Newspaper Archive of
The Billings County Pioneer
Beach, North Dakota
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March 17, 1960     The Billings County Pioneer
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March 17, 1960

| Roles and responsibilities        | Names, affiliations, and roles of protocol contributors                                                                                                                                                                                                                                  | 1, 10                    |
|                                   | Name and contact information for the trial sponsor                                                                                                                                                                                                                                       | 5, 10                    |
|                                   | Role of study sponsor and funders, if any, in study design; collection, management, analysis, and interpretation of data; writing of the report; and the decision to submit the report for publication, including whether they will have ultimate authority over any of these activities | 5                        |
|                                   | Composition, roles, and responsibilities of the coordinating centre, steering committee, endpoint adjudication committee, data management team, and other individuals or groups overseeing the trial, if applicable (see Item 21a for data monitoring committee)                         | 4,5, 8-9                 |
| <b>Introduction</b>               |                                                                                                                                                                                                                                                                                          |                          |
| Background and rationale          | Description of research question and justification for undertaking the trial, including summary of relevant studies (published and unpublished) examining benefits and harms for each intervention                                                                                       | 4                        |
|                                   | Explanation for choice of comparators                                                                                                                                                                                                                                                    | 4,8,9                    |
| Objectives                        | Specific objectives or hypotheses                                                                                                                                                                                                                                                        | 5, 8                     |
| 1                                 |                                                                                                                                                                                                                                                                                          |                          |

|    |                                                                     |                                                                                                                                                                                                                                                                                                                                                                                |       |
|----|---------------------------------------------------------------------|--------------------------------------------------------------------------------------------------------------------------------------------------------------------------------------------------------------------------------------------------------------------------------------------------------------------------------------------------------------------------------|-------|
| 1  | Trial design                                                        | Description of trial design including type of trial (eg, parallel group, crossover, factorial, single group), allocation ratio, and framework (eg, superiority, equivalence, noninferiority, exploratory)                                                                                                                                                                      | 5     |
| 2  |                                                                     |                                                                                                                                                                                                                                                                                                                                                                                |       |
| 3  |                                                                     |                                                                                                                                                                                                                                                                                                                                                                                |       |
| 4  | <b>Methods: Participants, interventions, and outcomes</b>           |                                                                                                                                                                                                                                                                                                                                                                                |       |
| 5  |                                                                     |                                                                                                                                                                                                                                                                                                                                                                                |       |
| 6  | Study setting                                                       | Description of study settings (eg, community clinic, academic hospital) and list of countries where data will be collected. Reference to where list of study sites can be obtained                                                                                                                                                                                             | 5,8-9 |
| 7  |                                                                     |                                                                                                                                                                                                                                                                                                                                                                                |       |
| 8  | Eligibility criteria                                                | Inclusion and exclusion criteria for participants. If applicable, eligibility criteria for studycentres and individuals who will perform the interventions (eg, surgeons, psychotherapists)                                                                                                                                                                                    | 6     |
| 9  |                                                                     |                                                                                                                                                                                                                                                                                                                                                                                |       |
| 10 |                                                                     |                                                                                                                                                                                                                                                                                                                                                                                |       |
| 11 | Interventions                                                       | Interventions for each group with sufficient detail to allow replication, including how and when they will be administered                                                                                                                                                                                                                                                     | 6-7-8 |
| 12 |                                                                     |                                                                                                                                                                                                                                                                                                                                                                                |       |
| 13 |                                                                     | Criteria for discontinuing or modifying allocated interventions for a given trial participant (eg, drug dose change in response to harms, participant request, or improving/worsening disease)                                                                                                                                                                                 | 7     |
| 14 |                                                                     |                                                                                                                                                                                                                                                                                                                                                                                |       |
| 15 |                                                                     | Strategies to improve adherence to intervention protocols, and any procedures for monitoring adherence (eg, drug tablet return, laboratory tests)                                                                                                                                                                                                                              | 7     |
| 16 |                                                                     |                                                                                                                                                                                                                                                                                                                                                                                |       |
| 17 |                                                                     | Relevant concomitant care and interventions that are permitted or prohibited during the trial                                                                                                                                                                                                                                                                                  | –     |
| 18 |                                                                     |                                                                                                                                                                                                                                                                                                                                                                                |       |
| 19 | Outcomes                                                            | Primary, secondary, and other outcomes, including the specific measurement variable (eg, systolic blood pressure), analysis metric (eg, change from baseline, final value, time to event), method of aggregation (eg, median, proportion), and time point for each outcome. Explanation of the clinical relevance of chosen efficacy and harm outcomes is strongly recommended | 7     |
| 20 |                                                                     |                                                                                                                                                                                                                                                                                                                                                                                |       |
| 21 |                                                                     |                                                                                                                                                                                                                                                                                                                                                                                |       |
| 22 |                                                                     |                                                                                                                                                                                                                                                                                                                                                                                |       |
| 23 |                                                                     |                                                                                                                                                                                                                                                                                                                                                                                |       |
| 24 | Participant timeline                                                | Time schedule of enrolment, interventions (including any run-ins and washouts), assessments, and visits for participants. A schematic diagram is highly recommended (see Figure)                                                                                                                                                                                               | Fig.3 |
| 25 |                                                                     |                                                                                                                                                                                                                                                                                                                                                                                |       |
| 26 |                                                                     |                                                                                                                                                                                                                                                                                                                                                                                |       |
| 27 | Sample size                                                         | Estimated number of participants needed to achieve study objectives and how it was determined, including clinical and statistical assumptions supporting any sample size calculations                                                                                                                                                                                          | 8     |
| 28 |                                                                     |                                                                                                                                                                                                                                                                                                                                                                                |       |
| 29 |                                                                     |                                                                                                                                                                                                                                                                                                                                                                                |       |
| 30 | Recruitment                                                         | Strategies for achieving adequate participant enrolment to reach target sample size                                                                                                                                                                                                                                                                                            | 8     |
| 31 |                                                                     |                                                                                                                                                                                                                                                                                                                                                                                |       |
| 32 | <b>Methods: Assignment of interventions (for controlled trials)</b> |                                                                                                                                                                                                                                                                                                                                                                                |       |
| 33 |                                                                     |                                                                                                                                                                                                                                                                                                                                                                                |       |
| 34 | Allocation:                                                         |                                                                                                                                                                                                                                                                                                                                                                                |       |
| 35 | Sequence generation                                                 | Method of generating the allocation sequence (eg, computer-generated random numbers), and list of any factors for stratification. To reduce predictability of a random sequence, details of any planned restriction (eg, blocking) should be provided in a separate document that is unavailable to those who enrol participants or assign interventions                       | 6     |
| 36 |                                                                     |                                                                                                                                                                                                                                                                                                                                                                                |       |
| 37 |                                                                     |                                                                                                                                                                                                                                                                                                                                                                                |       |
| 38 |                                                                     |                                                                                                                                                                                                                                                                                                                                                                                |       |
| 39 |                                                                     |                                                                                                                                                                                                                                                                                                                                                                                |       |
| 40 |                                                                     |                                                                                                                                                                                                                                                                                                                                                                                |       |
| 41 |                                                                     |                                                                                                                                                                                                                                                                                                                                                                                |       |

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BILLINGS COUNTY PIONEER SANTIAGO, CHILE, and Chile's President Jorge Alessandri Rodriguez (shown) host President Eisenhower on the west- era stop of his South America tour. The aerial view of the city was made during its building boom of the past decade. The Hotel Carrera was scene of the Organization of Amerio can States conference last year. (Central Prv~J NEW PLANTINGS COMPETE wrl31 ESTABLISHED TREE8 If you're planning a new orchard. t3erry patch, or a new place for t~e vegetable garden this summer, plan the location carefully with relation =o trees and shrubs, already in the area. You will want to take advant- age of the shelter from wind afford- ed l#y the established plantings, but ar, tart~rian honeysuckle, caragana, buckthorn, soft maple, dwarf Asia- tic elm. northern cottonwood. Amer- ican plum, hackberry, green ash and boxelder. Trees with long roots --- a spread of 1 times the tree height, or more included jack pine, common lilac, silver buffaloberry, Russian olive, golden willow, bronze golden wil- low, apple, butternut. Amur maple, still not have the new planting cem- American eIm and Siberian crab- pete for moisture and plant f~od -Jri[h the roots of the older plant- apple. Trees wi~h extra long roots, a spread o~ twice or n~ore the rags. height of the tree in any direction, Harry Graves, NDAC extension horticulturist, calls attention to studies done on tree root spread by the North Dakota Agricultural Ex- periment Station several years ago Jnder the direction of Dr. A. F. Yeager, then department head. Dr. Y(~eres study ,found that the outward spread of roots in any direction usually exceeds the height of the tree. and most of the roor~ arc in the top 4 feet of soil, the same layer of soil f.hat your lawn, garden, or young trees will be using" Different tree species have dif- ferent root spread. Colorado spruce. Black Hills spruce, western yellow rune, "~amarix and b~sL~cood .are trees wit~ a short spread or a spread of less than the heght of the tree. Trees studied with a root equ- al to or exceeding the tree height included Colorado juniper, red ced- include chokecherry, bur oak and black waL-mt. If, when planning your orna- mental plantings, you consider the ,*pace the roots will occupy at ma- turity, you can better plan what con be grown in their immediate nc~gh~orhood~ I.r~ual2,y a garden should be at least 50 feel~ from a large tree. If you plant a garden, lawn. or ornamentals within the root span of large plantings, you must plan to water and fertilize for both the tree ar~l the other plan~ings, since the roots will be occupying the same space. Of wheat exported the first half of the 1959-60 season, 53 per cent was hard red winter, 28 per cent white, 10 per cent spring and 9 per cent soft red winter wheat. These two passenger car tires show the strain to which the big tester puts them. No tires failed under 297 mph. Census Takers Invited to The North Dakota state supreme of inspection than that governing Apply f0r Jobs court has ruled that with the ex-1the public, per day Johnson said. In addition. a $20 training fee will be paid census takers who successfully c~)m- plete the course of instructio~ re- quired before they start their round~ and accept a census assignmer~ ception of marriage licenses, coun- The Grand Forks tterald has said Prospective census takers in the ty cour, records need not be made' m its brief that a newspaper's bust- Bismarck and Mandan areas are in- College Students ~vailabie to news re=)ortcrs. ness amounts to gathering facts Of lvited ~o apply for jobs. according The eourL in an )pimon written public interest, and that reporters[to Roger J. Johnson, district sup-Urged to Take t by Judge Alvin C. Strutz of Bis- seek court information in the course ] ervisor. 1 [ n~arck, affirmed an action by Judge Roy K. t~ledetzke of Grand Forks of this business, rather than as a~ result of simr,le curiosity,i Appiicati,n~s may be directed to[ Deferment Tests " the U. S. Census District office inI ,county district court, in the ease {of the Grand Forks Herald, Inc. The suprt,me court decision drew I the Straus Building, 19 South Main,] College students in Nortt'. Da- against Grand Forks County Judge a narrow interpretation of what tt~e I Minot. They may also be obtain- ~ kota are being urged t~ take selec- I Evelvn Lyons. law means by the expression.I ed from the following crew lead- 1ive service college qualiflcatiov. ] The newspaper had been denied "business ther' *with."' defining the] ers: Mrs. Alf P. Schumacher, 917 term to mean only persons with~ Eighth St Bismarck; Monty Burke tests April 28, to help local boards access to court records, on the "a direct or personal interest" in of McKenzie, Mrs. Gwendolyn in considering students for defer- grounds that they were ()pen to the public. The supreme court held that mar- riage licenses are open to inspec- tion since their issuance is not a court proceeding. The decision said a 1957 law which decrees that the records of agencies of state are open to inspection, does not apply to county courts. County court records, the supreme court declared, are open to inspec- tion "by persons having business therewith," as decreed in an earlier law. The court interprets this to mean that the right to inspect court records is limited to those with direct or personal interest in the court matters sought for inspection. The court noted that news gather- ers are entitled to no greater right court records. White. Rte. 2. Mandan; and Mrs. Judge S*,rutz wrote: "Surely the Viola Moltzen, New Salem. Legislature in passing the 1957 The lcensus taking will begin statute did not intend to extend to April . the public the right to pry and med- dle with the private matters of per- sons who have business in the coun- ty court. '. Surely it cannot be argued that the doctor or the storekeeper or the village gossip have such an interest in the estate of a neigh- bor who lived in ~he next block that their interest in the records of his estateconstitute 'bus~ness there- with." During the past decade, the num- ber of farm tractors in the world has increased by some 70 per cent. Applicants for the jobs must be over 18. be citizens of the United States and have a high school edu- cation or its equivalent, Johnson said. The candidates will be requir- ed to pass a selection test demonstr- ating their ability to understand writen instructions and read maps. Persons who are presently or re- cently associated with law enforce- ment or tax assessing or collection agencies are not eligible. Census takers will be paid on a piece price basis. A diligent cen- sus taker should earn about $12 ment from induction, for study as undergraduate or graduate students Applications for the tests are now available from local board offices, according to Col. James F. Ulmer, state director of selective service for North Dakota. Col. Ulmer said the applications must be returned not later than midnight, April 7. "The test is for the student's own benefit," Col. Ulmer said. "A local board should have full information about a student to classify hL,~n, in- eluding his class standing and a score on this test." Scientific and professional engin- eering organizations are urging stu- dents in these fields to take the test, the state director pointed out. Lone HOHE T JOHN'5 15 THE t.AR ST GAM .JNG, HALL iN "THE "I'EI IT'OR - - . 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